More politician, less finance minister
Finance Minister Bishnu Prasad Paudel is contributing to economic stagnancy. The price of this is being paid mostly by small and medium enterprises (SMEs). His focus is more on party politics rather than the economy, even though he has been successful in presenting himself as a private sector-friendly finance minister, at least when compared to his predecessor Yubraj Khatiwada. His political acumen perhaps helped him craft this image of an efficient finance minister, but that has hardly been the case. He has neglected the fact that government intervention and support in various sectors are most critical at this difficult time.
The government has reduced capital expenditure for fiscal 2020/21 by nine percent, the reduction attributed mostly to the Covid-19 pandemic-induced lockdown and restriction on businesses. Only 15 percent of total budget allocation for national pride projects has been spent in the fiscal’s first six months. These two examples indicate how little has been done so far and what a whole lot remains to be done in the current fiscal. But respective government agencies seem unconcerned, and this is where FM Poudel is missing the opportunity.
Poudel came to the position with no ambition for the economy. Probably, that is why less is expected of him. But history will not be kind to him when it assesses his contribution to steering the economy in these most challenging times. Since his appointment as finance minister in October 2020, he has been successful in boosting the capital market. As he completed his 100 days in the position, the share market soared, even as the productive sector struggled to recover from the pandemic.
Unlike many of his predecessors, Paudel saw no value in presenting a complementary budget for the current fiscal. But that has led to confusion over possible government help for the hardest hit people and sectors. He has been saddled with a budget that was prepared by Khatiwada, who was not a favorite of the private sector during his stint as finance minister. The country is riveted on its uncertain political future and Paudel is thus being spared for not delivering on the economic front. This, in turn, will be in Paudel’s favor while his success as finance minister is assessed.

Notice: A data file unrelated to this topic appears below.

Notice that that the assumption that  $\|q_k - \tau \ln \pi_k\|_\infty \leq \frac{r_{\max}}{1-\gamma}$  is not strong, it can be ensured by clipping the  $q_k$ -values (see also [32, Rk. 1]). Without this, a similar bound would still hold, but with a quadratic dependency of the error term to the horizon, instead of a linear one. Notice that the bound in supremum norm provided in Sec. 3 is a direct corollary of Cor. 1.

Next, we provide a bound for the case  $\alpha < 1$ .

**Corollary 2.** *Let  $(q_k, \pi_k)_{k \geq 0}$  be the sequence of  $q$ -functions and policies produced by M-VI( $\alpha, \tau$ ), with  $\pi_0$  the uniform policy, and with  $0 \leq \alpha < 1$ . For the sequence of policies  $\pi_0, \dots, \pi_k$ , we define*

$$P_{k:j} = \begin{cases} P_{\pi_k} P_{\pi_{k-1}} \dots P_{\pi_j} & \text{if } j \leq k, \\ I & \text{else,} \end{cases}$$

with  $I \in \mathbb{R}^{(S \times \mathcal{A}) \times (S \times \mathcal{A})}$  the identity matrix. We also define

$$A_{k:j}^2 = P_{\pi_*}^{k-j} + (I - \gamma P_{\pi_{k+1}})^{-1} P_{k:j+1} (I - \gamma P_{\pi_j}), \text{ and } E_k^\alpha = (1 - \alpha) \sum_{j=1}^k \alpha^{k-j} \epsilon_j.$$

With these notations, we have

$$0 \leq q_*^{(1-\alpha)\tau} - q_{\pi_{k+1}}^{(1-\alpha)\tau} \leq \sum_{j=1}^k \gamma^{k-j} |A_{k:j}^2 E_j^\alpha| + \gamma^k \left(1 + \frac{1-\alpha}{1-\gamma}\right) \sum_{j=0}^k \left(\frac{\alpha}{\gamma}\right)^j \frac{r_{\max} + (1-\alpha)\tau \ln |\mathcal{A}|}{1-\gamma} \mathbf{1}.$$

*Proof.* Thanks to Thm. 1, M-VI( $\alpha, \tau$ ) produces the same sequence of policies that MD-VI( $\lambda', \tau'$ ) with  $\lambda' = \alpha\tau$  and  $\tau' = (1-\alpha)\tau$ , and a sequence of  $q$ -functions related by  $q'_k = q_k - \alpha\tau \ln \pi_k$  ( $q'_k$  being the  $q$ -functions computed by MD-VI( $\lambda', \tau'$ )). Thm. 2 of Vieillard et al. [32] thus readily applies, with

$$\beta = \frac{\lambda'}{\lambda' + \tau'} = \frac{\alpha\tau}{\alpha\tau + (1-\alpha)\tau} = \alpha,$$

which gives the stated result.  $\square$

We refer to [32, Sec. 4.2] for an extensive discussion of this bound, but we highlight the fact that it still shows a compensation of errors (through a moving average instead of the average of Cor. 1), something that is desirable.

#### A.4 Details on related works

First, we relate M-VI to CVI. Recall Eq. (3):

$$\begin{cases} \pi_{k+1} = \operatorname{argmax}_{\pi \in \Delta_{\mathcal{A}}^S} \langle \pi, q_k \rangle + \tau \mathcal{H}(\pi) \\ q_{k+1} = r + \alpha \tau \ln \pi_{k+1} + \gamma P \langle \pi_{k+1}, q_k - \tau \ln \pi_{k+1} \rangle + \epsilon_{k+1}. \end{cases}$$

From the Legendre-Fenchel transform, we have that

What he has achieved so far is negligible compared to the enormous task he has in his hands. For one, he needs to pump more money into productive sectors. But the budget’s mid-term review indicates public sector expenditure is going to remain dismal throughout the fiscal, hampering overall economic growth.
Poudel seems to be good at managing expectations of the private sector and development partners. But he has so far failed to come to the aid of job-seekers and businesses in need of easy access to finance in the pandemic-battered economy. Most of his time is going into managing the country’s political fiasco while his sole focus was supposed to be getting government agencies to maintain high public expenditure to keep the economy afloat in the midst of a looming crisis.
Although most of the economic indicators seem to be okay, there is a deep structural problem in our remittance-driven, consumption-led economy. This was the right time to address that problem in order to boost productive sectors and create more jobs. But as we head towards the end of this fiscal, the fear is that the economy could again re-enter the self-defeating remittance cycle.
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